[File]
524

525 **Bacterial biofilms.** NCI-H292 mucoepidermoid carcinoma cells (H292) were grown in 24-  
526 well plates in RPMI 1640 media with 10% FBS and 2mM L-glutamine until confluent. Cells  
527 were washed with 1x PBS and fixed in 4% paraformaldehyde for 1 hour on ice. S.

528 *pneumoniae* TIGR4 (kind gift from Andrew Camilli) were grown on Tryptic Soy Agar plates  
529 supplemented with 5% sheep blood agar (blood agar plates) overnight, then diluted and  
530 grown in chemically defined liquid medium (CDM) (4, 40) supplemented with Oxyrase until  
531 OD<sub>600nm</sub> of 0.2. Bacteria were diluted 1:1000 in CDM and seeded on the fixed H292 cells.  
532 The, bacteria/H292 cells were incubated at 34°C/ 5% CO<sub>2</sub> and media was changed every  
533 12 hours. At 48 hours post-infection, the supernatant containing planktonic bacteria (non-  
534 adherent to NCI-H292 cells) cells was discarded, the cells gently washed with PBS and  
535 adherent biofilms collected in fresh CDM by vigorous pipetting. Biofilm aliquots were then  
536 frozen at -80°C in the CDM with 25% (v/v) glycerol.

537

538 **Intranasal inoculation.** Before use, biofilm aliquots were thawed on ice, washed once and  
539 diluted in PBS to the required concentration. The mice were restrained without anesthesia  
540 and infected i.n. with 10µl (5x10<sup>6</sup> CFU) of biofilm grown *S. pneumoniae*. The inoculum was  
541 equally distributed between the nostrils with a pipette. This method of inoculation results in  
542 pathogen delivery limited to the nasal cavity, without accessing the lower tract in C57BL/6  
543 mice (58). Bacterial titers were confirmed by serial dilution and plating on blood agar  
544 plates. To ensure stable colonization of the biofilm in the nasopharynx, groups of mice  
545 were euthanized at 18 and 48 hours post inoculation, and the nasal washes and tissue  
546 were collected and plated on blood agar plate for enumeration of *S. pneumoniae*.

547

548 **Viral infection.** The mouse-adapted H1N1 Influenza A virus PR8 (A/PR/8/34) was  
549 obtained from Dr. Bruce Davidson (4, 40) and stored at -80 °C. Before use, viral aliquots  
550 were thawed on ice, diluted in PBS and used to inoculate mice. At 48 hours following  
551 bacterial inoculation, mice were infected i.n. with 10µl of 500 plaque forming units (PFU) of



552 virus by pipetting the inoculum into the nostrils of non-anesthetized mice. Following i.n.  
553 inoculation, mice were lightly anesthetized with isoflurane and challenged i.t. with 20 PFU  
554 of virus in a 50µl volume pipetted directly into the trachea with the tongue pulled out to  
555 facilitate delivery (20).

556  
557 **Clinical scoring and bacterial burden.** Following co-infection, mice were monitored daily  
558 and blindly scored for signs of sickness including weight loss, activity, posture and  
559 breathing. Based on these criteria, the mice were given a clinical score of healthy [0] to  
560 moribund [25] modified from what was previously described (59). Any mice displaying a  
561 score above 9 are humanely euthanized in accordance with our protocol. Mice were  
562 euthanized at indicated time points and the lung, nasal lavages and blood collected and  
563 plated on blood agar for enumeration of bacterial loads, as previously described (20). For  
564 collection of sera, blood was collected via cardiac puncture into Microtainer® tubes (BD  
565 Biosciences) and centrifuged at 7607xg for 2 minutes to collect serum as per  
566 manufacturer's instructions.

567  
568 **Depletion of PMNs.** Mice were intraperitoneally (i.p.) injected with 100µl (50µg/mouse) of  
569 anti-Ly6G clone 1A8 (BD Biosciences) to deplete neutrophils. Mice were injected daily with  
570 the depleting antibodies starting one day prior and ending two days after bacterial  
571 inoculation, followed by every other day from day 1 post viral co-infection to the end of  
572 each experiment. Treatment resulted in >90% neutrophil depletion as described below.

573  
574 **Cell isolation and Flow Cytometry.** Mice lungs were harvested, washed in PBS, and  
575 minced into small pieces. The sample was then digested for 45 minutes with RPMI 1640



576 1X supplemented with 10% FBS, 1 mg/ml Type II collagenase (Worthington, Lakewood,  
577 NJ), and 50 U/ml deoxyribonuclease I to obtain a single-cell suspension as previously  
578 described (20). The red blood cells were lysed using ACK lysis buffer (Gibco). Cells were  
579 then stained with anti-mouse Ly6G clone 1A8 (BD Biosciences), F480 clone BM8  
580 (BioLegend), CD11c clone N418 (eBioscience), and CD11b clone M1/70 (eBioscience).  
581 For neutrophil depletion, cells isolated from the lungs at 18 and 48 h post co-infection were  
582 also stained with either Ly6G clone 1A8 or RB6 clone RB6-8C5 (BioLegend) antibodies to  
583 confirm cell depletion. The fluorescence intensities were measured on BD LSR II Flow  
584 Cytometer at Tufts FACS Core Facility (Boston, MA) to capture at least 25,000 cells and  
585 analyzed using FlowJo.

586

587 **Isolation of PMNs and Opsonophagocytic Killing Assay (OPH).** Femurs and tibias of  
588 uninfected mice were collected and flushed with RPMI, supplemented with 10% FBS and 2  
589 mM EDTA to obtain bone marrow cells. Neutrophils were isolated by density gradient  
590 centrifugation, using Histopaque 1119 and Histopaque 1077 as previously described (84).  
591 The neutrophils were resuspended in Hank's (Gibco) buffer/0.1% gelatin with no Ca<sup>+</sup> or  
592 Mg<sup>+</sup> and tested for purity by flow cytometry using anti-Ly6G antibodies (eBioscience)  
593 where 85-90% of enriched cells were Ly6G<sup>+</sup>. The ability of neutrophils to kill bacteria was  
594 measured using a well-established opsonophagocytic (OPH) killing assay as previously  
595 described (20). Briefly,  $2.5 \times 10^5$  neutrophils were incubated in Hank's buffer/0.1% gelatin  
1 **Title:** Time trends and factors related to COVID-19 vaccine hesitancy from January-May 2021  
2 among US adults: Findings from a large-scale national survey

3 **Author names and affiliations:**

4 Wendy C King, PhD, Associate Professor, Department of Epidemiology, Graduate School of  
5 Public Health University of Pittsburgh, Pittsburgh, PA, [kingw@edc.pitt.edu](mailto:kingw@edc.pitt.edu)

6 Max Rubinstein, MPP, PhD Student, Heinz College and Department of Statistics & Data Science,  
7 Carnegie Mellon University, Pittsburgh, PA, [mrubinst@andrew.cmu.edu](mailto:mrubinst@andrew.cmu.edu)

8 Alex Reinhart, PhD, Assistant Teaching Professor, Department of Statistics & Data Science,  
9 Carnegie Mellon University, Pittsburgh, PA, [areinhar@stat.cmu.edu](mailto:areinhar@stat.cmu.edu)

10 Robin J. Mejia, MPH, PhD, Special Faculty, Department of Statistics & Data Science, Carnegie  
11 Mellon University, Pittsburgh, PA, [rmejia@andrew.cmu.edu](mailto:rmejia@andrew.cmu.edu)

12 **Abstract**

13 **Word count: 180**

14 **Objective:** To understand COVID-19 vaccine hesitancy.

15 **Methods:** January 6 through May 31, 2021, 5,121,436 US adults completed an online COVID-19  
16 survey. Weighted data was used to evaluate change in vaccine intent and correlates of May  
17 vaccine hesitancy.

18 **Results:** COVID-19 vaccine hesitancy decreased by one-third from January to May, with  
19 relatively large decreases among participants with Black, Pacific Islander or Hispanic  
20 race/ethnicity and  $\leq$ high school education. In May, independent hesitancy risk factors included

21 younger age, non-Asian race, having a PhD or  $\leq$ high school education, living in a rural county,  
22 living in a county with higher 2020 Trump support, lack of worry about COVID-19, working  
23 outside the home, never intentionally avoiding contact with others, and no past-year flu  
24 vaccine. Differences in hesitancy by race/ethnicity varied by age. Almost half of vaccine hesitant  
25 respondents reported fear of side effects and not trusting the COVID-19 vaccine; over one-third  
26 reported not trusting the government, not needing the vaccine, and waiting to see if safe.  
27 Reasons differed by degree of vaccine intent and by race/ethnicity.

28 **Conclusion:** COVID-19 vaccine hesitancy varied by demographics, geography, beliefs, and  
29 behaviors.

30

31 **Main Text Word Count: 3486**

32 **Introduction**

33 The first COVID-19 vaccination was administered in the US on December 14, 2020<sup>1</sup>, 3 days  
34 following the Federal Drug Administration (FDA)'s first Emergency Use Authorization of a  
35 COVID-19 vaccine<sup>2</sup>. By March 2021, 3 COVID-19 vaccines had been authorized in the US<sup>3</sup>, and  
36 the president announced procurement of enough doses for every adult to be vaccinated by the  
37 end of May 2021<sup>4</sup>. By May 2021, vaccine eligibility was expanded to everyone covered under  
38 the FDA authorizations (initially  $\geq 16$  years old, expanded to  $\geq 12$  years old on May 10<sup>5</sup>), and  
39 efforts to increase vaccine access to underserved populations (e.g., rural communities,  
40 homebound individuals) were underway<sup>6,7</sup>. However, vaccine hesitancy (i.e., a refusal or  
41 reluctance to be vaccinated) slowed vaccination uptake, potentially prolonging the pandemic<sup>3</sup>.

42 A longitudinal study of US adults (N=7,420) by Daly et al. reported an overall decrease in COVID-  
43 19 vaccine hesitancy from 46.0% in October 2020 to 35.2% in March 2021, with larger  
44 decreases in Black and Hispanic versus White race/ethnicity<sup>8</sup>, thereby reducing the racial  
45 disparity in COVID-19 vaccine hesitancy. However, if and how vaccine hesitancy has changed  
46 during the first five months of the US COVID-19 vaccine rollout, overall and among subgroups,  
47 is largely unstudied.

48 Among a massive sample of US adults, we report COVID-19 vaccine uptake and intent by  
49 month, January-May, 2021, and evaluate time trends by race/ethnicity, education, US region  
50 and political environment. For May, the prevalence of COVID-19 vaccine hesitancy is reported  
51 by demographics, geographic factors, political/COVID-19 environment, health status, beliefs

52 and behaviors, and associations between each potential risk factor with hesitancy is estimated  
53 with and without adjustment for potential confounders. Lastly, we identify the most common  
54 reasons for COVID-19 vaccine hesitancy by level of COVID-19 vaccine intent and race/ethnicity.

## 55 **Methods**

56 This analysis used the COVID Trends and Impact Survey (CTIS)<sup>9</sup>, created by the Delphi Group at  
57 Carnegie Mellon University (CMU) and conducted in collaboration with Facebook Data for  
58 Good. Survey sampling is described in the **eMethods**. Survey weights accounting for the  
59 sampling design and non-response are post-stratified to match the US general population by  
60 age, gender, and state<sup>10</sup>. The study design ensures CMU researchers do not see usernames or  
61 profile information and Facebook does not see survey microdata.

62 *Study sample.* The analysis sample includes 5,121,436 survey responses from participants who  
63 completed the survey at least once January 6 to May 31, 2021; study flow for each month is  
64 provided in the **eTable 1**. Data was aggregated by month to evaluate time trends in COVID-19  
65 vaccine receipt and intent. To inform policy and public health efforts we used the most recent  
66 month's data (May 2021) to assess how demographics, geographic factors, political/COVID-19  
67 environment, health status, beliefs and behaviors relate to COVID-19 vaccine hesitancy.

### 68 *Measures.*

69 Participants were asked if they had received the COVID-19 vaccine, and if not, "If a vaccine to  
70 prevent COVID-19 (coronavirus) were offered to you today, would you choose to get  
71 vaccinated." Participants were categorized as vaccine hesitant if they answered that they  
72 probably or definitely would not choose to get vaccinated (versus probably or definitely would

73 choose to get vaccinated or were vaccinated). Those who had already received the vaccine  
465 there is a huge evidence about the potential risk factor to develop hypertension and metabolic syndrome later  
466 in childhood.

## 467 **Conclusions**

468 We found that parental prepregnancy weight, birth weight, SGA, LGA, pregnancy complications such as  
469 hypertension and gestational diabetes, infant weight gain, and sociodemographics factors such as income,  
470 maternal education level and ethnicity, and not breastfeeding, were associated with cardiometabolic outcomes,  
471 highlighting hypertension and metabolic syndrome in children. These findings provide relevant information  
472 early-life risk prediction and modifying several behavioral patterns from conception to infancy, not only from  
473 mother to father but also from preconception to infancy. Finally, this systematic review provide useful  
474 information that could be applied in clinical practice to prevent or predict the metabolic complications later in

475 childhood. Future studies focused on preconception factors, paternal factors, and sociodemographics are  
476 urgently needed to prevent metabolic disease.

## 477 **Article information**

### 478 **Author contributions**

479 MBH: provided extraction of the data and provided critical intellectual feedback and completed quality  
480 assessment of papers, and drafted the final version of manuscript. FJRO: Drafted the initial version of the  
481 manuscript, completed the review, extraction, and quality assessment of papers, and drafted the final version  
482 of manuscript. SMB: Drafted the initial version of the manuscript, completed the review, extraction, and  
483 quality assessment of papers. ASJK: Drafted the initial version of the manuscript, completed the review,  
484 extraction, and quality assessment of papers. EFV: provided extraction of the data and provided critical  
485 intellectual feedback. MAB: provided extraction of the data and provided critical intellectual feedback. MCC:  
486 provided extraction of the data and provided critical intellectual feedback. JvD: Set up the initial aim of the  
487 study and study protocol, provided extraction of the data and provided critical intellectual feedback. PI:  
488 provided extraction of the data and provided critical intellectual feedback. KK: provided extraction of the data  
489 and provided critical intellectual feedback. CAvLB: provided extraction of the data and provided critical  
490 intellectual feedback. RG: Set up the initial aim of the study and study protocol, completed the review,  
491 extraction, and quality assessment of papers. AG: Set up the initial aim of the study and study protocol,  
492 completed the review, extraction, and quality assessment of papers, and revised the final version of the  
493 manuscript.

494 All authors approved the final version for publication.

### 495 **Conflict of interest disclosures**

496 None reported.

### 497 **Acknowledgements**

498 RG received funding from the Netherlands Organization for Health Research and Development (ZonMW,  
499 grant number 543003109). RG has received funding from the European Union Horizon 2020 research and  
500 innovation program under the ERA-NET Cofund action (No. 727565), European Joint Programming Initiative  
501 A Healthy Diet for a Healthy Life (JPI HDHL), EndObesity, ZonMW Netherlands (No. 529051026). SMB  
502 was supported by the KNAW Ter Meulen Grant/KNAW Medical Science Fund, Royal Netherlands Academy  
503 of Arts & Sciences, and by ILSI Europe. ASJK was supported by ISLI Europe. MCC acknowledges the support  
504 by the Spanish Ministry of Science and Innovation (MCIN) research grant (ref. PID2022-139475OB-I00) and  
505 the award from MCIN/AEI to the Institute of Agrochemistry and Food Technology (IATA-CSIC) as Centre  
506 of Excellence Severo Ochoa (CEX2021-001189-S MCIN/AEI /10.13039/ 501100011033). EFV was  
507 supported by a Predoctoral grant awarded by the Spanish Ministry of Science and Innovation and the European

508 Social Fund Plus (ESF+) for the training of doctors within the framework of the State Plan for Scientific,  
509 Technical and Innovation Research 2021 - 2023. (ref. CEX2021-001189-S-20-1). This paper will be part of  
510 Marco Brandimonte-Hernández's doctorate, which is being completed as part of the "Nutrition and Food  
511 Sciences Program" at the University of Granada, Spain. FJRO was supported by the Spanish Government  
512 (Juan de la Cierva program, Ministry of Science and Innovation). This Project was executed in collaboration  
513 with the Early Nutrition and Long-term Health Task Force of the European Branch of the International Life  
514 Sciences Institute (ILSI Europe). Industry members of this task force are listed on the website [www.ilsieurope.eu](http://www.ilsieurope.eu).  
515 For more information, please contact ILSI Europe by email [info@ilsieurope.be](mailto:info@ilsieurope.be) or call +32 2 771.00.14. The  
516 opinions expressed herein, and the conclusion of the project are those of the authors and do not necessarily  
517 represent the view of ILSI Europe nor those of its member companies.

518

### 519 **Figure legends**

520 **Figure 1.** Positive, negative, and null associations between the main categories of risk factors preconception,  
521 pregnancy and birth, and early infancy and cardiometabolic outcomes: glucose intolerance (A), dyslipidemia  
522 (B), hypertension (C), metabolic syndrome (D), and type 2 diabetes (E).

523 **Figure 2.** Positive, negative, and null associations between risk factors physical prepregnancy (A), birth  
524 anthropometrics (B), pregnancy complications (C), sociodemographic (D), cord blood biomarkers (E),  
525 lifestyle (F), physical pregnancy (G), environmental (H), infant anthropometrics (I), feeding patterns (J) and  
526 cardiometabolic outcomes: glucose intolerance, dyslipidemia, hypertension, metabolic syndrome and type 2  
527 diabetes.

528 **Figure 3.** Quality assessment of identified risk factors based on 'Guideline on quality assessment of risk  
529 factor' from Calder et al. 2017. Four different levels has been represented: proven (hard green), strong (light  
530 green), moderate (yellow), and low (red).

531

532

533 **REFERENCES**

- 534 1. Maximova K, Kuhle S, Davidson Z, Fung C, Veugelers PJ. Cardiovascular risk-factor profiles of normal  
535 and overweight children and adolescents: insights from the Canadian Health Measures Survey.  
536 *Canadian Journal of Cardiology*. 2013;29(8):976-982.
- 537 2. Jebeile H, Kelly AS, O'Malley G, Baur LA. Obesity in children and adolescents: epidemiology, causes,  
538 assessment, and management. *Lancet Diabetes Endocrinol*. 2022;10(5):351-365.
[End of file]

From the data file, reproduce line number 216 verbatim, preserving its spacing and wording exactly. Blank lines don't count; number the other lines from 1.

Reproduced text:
535 and overweight children and adolescents: insights from the Canadian Health Measures Survey.  